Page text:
Yet today this act of ordination is an act of the church of Jesus Christ. It is, however, a sobering matter that the church dares to ordain persons to priestly ministry. Coming from a tradition that wrestles often with the temptation to think the church must continually reinvent itself with new discourses and practices, it is provocatively reassuring to me to realize that the liturgy we are enacting today has been read, spoken, and prayed by centuries of believers before us. The Scriptures that have been read on this occasion have been read repeatedly in the confidence that the church and all of its ordinands need to hear, heed, and ponder just these Scriptural passages. The words that will perform this ordaining event are words that have performed countless previous ordinations. No slight of hand or sneaky invention here. The previous enactments of this service are a reminder to us that the church of Jesus Christ lives in and through its sacred discourses and practices.

I am hoping that the historic steadiness of this liturgy and these Scriptures will empower us to confess that being the church of Jesus Christ in these tumultuous times is also a staggering task. We—the church today—do indeed stagger under the weight of our brokenness, under the weight of our incessant temptation to serve other gods, under the weight of our nonchalant and hesitant performance of our worship and prayer life, and under the weight of the enmity that surges among the members of the church’s catholic body.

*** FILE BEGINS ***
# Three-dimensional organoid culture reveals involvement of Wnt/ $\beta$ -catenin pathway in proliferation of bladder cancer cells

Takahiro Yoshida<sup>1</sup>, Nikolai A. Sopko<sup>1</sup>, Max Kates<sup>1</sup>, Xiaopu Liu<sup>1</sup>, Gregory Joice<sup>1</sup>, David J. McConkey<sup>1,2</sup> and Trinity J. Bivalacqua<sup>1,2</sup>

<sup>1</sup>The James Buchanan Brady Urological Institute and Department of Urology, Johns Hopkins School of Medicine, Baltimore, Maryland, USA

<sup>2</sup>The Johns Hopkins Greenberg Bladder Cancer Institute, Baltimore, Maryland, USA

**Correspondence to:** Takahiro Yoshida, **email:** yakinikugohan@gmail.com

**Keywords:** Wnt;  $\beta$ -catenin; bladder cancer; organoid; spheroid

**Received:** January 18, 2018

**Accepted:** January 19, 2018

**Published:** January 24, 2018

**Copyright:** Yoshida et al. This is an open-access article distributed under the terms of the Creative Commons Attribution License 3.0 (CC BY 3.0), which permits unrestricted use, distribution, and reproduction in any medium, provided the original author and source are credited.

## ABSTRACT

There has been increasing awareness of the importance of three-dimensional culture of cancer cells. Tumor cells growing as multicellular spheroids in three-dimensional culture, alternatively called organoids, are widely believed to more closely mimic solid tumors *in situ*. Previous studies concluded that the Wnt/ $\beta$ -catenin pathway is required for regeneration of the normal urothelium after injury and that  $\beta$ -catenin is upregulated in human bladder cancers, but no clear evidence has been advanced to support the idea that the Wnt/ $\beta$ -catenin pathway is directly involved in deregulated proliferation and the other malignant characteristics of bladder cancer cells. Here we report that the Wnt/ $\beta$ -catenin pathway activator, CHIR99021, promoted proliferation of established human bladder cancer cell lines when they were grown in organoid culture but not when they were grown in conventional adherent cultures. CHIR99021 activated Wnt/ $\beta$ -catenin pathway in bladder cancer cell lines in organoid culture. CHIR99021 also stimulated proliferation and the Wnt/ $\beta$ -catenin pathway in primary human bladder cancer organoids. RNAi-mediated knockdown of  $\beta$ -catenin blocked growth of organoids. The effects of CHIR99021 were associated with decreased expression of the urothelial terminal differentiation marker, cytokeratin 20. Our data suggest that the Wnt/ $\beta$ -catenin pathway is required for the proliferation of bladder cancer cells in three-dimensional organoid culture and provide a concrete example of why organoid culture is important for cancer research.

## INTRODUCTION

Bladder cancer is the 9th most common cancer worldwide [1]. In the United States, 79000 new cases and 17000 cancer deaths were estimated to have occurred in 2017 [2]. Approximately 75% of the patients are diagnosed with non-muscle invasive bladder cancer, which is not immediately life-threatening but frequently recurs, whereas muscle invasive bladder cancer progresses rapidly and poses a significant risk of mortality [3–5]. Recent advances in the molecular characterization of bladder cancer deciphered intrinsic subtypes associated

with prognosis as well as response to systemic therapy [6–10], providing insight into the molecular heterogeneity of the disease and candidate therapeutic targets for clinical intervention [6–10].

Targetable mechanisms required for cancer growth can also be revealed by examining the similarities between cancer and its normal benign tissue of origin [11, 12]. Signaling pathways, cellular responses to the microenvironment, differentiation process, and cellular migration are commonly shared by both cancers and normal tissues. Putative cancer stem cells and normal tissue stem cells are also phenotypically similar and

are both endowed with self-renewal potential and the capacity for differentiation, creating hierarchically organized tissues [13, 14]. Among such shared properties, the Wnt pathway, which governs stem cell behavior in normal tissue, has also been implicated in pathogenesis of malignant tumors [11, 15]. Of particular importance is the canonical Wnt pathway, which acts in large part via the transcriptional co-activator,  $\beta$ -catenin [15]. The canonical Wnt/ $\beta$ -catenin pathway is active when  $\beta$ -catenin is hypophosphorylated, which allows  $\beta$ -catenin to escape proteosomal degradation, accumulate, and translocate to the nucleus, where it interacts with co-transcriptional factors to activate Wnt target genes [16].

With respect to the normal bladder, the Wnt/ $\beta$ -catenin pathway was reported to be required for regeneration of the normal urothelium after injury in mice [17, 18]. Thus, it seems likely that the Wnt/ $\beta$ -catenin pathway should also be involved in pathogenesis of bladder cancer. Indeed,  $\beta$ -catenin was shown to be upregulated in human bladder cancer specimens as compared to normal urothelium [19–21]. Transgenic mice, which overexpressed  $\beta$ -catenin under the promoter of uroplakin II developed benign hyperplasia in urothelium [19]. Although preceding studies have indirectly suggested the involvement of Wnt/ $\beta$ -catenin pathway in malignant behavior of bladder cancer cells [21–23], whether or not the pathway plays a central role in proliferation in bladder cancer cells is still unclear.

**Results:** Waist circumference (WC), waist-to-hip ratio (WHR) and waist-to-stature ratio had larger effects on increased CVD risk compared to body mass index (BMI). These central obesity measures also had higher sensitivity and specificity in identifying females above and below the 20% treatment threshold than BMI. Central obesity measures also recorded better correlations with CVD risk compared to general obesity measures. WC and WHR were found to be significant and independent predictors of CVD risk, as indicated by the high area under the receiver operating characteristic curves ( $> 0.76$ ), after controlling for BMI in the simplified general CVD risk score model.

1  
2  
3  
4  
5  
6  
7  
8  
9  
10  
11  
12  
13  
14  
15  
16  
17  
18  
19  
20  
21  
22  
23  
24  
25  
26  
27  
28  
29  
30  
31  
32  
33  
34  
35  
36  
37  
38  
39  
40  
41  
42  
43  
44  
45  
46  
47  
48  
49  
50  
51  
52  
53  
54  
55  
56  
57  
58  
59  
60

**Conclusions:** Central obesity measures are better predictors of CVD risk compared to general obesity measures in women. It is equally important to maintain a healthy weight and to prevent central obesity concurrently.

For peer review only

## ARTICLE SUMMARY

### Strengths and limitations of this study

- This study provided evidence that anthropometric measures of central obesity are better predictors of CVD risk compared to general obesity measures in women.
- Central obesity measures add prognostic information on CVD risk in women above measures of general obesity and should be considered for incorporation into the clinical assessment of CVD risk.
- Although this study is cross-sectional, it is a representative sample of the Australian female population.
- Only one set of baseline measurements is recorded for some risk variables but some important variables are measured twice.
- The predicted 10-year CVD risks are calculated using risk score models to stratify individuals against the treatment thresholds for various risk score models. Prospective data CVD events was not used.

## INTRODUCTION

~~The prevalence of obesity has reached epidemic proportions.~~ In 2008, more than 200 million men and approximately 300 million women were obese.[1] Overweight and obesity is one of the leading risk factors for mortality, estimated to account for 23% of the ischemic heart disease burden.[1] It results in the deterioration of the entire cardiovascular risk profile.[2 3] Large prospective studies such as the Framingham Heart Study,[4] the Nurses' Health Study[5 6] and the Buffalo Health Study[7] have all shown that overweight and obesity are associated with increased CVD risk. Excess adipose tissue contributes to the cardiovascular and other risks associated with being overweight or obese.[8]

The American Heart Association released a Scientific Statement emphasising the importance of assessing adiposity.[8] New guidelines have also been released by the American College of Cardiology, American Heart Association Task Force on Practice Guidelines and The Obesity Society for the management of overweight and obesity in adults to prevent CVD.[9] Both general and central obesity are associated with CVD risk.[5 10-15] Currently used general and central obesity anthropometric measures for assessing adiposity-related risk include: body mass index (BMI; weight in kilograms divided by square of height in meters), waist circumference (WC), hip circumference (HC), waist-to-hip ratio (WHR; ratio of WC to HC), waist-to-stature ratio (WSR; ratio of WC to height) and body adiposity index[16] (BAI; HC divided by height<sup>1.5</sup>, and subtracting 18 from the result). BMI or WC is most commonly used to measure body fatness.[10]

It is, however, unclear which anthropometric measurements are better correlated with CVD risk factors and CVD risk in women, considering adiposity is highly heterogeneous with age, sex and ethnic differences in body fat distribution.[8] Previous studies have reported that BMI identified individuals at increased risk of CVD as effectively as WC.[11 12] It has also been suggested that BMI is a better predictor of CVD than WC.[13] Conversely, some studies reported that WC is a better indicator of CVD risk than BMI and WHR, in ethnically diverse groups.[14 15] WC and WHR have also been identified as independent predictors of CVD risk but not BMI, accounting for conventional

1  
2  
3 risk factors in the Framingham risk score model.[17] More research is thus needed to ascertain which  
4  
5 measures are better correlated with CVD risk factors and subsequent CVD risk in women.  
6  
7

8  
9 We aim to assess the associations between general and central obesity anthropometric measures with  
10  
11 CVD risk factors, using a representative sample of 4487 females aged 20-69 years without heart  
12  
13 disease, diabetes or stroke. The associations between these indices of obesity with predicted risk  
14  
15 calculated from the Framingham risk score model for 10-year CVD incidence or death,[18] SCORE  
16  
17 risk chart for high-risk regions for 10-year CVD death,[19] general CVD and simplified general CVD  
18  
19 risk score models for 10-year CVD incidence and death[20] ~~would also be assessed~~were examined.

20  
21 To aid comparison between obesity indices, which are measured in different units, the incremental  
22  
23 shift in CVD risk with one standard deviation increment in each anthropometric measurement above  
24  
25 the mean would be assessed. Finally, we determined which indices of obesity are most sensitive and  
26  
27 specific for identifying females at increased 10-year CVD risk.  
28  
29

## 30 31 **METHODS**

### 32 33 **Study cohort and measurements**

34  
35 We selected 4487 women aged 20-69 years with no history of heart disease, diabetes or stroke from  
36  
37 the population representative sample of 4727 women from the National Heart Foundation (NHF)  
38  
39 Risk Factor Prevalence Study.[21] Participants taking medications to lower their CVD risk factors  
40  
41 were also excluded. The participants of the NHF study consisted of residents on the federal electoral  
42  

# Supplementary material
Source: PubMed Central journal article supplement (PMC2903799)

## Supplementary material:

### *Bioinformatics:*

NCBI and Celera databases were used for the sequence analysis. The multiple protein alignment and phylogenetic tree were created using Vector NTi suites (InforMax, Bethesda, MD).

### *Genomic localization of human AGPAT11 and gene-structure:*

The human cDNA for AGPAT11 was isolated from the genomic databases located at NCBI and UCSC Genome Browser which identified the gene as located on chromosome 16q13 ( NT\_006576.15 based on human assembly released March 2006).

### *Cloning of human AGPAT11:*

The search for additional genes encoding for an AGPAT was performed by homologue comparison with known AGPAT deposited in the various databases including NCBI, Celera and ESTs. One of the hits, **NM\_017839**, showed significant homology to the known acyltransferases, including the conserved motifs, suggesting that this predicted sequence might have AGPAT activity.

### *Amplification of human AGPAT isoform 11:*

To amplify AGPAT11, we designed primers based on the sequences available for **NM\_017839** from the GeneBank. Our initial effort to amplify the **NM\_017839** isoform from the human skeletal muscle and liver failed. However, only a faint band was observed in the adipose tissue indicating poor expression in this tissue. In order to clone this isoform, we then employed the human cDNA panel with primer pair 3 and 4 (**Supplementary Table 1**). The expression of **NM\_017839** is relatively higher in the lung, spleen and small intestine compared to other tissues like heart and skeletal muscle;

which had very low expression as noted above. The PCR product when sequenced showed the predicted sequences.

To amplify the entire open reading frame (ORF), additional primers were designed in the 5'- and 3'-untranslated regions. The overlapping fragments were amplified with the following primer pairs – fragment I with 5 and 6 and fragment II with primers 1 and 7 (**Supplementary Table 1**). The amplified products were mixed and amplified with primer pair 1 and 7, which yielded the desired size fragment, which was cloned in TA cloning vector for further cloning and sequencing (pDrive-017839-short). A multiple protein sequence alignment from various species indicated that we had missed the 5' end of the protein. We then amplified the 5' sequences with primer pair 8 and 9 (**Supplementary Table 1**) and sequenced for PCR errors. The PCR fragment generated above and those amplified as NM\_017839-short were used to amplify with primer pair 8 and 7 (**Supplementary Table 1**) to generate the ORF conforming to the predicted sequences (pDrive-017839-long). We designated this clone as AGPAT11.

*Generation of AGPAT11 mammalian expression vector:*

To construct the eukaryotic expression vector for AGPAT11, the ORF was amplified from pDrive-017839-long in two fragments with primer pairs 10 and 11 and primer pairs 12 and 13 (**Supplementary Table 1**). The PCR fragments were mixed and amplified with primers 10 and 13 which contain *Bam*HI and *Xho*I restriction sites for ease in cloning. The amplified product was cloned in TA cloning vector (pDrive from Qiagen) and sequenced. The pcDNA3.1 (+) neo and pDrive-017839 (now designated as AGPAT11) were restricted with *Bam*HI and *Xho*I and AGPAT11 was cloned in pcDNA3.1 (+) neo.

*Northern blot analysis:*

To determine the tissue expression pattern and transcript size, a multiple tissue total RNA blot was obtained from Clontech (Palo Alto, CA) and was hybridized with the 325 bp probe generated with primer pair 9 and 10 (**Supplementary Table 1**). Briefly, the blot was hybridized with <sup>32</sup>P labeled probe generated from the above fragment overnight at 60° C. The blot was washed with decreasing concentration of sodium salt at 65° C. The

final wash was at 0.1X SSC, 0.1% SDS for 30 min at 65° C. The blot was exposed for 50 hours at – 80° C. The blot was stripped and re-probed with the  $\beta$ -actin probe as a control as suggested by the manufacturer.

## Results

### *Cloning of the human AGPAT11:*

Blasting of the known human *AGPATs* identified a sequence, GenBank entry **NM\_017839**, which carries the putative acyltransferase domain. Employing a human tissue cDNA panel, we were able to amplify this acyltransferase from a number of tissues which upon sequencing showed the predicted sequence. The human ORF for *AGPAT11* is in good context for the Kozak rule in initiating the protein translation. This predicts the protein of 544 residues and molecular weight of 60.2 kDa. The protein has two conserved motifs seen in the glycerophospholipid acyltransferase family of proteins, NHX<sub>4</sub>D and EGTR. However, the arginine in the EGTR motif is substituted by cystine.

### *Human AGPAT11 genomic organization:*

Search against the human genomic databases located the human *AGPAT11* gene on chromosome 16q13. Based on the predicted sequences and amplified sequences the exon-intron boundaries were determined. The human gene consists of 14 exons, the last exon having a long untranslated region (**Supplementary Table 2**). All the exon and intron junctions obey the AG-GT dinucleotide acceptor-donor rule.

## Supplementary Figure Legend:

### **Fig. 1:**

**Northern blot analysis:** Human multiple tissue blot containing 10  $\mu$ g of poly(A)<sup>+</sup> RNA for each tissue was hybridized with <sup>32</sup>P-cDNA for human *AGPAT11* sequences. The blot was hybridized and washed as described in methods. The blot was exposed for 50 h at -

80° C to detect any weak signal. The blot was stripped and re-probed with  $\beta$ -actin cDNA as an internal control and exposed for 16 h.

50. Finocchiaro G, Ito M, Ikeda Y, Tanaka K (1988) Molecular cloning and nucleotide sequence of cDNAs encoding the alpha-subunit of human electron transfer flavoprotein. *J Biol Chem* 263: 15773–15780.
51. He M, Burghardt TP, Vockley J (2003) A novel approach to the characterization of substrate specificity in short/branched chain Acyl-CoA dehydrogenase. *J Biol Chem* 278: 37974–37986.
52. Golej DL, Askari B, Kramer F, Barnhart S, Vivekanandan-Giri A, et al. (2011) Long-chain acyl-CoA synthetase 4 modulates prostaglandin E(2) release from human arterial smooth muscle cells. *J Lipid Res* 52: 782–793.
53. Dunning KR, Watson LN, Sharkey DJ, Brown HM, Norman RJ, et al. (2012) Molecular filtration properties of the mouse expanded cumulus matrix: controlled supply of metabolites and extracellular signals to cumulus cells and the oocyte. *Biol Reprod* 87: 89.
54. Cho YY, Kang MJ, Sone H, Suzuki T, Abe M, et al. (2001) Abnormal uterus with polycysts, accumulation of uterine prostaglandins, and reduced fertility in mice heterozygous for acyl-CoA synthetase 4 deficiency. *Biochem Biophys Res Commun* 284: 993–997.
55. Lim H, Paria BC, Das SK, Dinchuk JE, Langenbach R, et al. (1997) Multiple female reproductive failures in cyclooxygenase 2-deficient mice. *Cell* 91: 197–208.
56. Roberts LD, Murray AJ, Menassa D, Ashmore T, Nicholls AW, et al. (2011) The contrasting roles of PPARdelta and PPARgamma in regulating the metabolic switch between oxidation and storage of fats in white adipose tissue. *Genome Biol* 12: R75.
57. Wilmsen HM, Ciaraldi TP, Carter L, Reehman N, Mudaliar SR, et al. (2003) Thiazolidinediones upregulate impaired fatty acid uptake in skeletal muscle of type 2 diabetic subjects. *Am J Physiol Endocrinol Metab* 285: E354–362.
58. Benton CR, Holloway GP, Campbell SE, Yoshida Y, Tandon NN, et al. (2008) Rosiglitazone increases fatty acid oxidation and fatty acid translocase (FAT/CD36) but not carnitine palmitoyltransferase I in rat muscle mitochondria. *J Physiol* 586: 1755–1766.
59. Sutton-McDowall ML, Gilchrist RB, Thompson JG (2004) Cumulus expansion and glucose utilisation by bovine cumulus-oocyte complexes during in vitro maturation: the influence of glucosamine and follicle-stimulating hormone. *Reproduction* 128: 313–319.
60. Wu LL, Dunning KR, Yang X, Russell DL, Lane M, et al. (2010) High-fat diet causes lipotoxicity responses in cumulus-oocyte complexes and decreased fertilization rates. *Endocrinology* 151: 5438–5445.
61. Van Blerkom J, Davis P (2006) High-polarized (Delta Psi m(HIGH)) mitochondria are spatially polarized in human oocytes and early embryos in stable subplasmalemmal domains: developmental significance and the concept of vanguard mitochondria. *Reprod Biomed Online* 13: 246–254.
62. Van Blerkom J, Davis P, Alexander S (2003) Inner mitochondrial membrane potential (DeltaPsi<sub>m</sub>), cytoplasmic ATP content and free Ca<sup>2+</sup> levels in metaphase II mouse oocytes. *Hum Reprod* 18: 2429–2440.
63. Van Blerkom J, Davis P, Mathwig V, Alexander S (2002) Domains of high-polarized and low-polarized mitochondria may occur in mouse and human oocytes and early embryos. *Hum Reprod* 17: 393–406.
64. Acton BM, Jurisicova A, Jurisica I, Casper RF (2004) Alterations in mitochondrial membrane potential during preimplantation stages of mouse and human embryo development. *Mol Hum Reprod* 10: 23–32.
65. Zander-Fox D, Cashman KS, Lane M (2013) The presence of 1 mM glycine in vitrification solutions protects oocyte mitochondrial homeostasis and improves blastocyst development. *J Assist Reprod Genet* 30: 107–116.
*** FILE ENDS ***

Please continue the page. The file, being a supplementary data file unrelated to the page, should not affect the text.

The church dare not ordain this man Edward Mulligan—or any other—in the absence of a searching awareness of how utterly odd, bold, and counter-cultural it is to claim to be the body of Christ in just this contemporary worldly culture. We must not hide from ourselves that this very Christ was a Jew proclaiming the peaceable kingdom of God and that he was judged by the ruling authorities as deserving of being strung-up on a cross to experience a cruel and brutal death—a crucified death that aimed to demonstrate to Jesus’ frightened followers and to all bystanders that it is Rome that is in charge and rules over life and death.

In the profoundest theological sense, it ought to scare the hell out of us to even contemplate being now the living body of this Christ and thereby being disciples of one who collided with the principalities and powers of the world. If it does not so scare us, it must be because we have so domesticated and tamed Jesus that being-his-body involves no more than occasional gestures of invoking his name and admiring his courage.